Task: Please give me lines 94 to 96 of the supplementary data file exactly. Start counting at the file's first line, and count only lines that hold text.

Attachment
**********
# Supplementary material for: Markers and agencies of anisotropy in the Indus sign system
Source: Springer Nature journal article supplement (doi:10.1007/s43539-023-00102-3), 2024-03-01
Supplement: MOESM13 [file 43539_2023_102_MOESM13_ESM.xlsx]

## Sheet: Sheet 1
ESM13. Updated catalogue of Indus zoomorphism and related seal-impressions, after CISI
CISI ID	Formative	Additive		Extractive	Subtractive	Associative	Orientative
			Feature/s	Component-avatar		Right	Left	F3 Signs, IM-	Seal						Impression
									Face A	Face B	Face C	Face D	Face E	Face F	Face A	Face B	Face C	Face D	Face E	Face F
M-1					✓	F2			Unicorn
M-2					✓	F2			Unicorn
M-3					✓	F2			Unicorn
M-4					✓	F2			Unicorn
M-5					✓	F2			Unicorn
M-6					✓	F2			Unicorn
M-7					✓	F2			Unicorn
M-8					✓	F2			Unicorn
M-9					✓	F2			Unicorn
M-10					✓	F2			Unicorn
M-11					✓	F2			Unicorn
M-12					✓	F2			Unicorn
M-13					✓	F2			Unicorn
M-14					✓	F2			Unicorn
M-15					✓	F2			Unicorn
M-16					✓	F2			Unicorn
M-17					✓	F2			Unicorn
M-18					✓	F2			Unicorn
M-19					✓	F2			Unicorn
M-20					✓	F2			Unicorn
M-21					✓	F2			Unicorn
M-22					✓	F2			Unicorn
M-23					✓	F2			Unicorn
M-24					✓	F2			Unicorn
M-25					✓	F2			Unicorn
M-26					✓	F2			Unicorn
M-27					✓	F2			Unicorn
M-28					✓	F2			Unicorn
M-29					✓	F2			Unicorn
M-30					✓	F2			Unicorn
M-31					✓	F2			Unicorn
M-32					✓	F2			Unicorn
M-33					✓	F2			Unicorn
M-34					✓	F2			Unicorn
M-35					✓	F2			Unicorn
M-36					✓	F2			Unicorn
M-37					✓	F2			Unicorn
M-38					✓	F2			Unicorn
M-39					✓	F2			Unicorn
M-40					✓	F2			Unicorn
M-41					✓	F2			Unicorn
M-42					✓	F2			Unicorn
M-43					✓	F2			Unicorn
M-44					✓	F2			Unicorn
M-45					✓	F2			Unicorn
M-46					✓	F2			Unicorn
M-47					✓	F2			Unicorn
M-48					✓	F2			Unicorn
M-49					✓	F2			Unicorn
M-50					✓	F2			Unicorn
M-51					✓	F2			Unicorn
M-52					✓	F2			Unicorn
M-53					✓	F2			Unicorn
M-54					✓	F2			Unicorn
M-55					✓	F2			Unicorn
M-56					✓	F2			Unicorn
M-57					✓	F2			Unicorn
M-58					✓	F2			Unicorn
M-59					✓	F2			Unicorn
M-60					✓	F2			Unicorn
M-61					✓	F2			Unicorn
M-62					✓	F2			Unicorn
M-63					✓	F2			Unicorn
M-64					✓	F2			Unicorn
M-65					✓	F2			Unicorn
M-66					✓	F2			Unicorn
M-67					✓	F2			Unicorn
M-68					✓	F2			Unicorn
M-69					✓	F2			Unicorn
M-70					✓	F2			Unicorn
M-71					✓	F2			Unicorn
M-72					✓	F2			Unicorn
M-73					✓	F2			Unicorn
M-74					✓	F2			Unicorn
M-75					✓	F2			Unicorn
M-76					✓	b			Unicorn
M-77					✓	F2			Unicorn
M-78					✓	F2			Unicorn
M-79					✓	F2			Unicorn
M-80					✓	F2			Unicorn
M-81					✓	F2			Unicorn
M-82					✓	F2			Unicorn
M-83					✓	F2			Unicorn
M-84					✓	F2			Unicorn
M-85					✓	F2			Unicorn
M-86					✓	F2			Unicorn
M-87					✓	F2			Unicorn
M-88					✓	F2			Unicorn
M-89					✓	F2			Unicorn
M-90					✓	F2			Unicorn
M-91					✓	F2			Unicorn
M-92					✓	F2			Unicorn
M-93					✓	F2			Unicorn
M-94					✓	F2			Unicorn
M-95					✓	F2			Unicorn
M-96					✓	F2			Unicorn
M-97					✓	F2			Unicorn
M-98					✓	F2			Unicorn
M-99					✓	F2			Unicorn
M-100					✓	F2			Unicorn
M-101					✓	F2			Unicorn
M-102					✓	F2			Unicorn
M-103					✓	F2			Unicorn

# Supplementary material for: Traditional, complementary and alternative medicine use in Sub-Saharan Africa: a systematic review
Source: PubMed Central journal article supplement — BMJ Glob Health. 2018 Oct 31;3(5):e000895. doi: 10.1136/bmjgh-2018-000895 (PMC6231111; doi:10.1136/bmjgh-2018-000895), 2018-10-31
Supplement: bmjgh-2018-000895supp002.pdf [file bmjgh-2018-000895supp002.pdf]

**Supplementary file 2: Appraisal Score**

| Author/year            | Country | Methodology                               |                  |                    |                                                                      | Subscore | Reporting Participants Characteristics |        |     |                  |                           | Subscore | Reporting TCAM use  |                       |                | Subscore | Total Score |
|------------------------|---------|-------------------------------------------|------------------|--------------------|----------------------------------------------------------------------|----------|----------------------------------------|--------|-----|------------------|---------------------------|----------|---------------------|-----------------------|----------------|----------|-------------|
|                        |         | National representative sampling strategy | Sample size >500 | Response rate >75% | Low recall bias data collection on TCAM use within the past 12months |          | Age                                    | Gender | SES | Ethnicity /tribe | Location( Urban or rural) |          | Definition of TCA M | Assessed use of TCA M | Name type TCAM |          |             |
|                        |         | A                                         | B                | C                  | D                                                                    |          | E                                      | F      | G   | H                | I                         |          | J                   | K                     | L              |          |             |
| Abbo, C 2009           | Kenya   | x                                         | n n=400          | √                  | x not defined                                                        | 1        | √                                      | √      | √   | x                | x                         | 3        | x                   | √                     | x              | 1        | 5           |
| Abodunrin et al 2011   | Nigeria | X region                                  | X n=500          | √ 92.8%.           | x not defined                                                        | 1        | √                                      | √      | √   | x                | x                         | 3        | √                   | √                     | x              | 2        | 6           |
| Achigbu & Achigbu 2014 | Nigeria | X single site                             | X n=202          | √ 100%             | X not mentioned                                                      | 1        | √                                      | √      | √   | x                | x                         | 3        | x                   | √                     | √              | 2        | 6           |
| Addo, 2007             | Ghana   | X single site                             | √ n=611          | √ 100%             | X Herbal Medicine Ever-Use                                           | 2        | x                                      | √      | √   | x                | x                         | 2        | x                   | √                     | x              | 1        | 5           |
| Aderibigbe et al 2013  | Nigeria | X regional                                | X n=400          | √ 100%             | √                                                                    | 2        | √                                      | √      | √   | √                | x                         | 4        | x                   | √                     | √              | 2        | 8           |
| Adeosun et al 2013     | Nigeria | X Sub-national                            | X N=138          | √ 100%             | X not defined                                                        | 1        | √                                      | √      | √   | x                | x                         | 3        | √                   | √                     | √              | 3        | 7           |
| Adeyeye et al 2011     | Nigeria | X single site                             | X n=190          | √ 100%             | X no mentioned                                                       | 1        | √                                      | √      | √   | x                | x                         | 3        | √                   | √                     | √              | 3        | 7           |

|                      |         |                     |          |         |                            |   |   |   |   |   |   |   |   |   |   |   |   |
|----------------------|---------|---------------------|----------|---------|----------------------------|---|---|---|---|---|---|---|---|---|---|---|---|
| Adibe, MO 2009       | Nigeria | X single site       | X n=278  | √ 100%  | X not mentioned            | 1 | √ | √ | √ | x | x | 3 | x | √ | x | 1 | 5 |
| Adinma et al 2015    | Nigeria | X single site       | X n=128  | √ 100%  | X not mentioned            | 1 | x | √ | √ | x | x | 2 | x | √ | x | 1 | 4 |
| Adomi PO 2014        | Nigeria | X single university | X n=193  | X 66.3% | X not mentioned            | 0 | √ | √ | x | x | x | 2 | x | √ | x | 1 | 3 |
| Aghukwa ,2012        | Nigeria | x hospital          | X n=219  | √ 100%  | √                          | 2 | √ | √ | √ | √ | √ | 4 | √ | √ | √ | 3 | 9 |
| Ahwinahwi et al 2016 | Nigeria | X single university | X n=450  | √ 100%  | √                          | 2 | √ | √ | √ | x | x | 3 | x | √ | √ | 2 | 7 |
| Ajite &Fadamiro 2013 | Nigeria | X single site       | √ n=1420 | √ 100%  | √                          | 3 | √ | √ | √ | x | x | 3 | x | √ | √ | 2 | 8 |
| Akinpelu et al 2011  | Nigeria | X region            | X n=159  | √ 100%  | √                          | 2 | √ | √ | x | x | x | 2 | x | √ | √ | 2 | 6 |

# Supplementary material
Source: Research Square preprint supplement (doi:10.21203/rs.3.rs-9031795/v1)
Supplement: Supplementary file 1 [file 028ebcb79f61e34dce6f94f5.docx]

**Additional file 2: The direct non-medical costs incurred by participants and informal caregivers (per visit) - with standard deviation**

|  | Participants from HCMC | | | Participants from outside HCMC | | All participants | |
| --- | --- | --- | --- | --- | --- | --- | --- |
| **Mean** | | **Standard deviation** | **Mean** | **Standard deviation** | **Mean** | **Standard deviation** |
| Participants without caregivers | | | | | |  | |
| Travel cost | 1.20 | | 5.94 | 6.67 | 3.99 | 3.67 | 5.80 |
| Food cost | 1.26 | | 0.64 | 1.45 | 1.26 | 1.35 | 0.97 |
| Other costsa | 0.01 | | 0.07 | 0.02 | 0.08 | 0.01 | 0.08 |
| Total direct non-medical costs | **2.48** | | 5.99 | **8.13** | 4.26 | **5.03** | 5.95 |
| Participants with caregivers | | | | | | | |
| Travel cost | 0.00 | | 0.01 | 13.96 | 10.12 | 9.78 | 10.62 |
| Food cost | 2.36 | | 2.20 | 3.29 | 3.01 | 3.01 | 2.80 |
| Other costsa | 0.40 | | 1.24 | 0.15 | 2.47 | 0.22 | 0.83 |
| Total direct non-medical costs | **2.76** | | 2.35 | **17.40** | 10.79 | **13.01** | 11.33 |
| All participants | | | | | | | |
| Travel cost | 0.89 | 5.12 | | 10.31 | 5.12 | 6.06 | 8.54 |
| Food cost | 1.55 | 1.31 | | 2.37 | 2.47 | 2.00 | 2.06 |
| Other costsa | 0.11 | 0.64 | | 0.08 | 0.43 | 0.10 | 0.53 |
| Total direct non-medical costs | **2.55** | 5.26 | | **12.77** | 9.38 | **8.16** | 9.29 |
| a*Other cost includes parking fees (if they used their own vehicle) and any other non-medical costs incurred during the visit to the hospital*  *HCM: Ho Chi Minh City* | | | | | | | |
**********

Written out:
M-86					✓	F2			Unicorn
M-87					✓	F2			Unicorn
M-88					✓	F2			Unicorn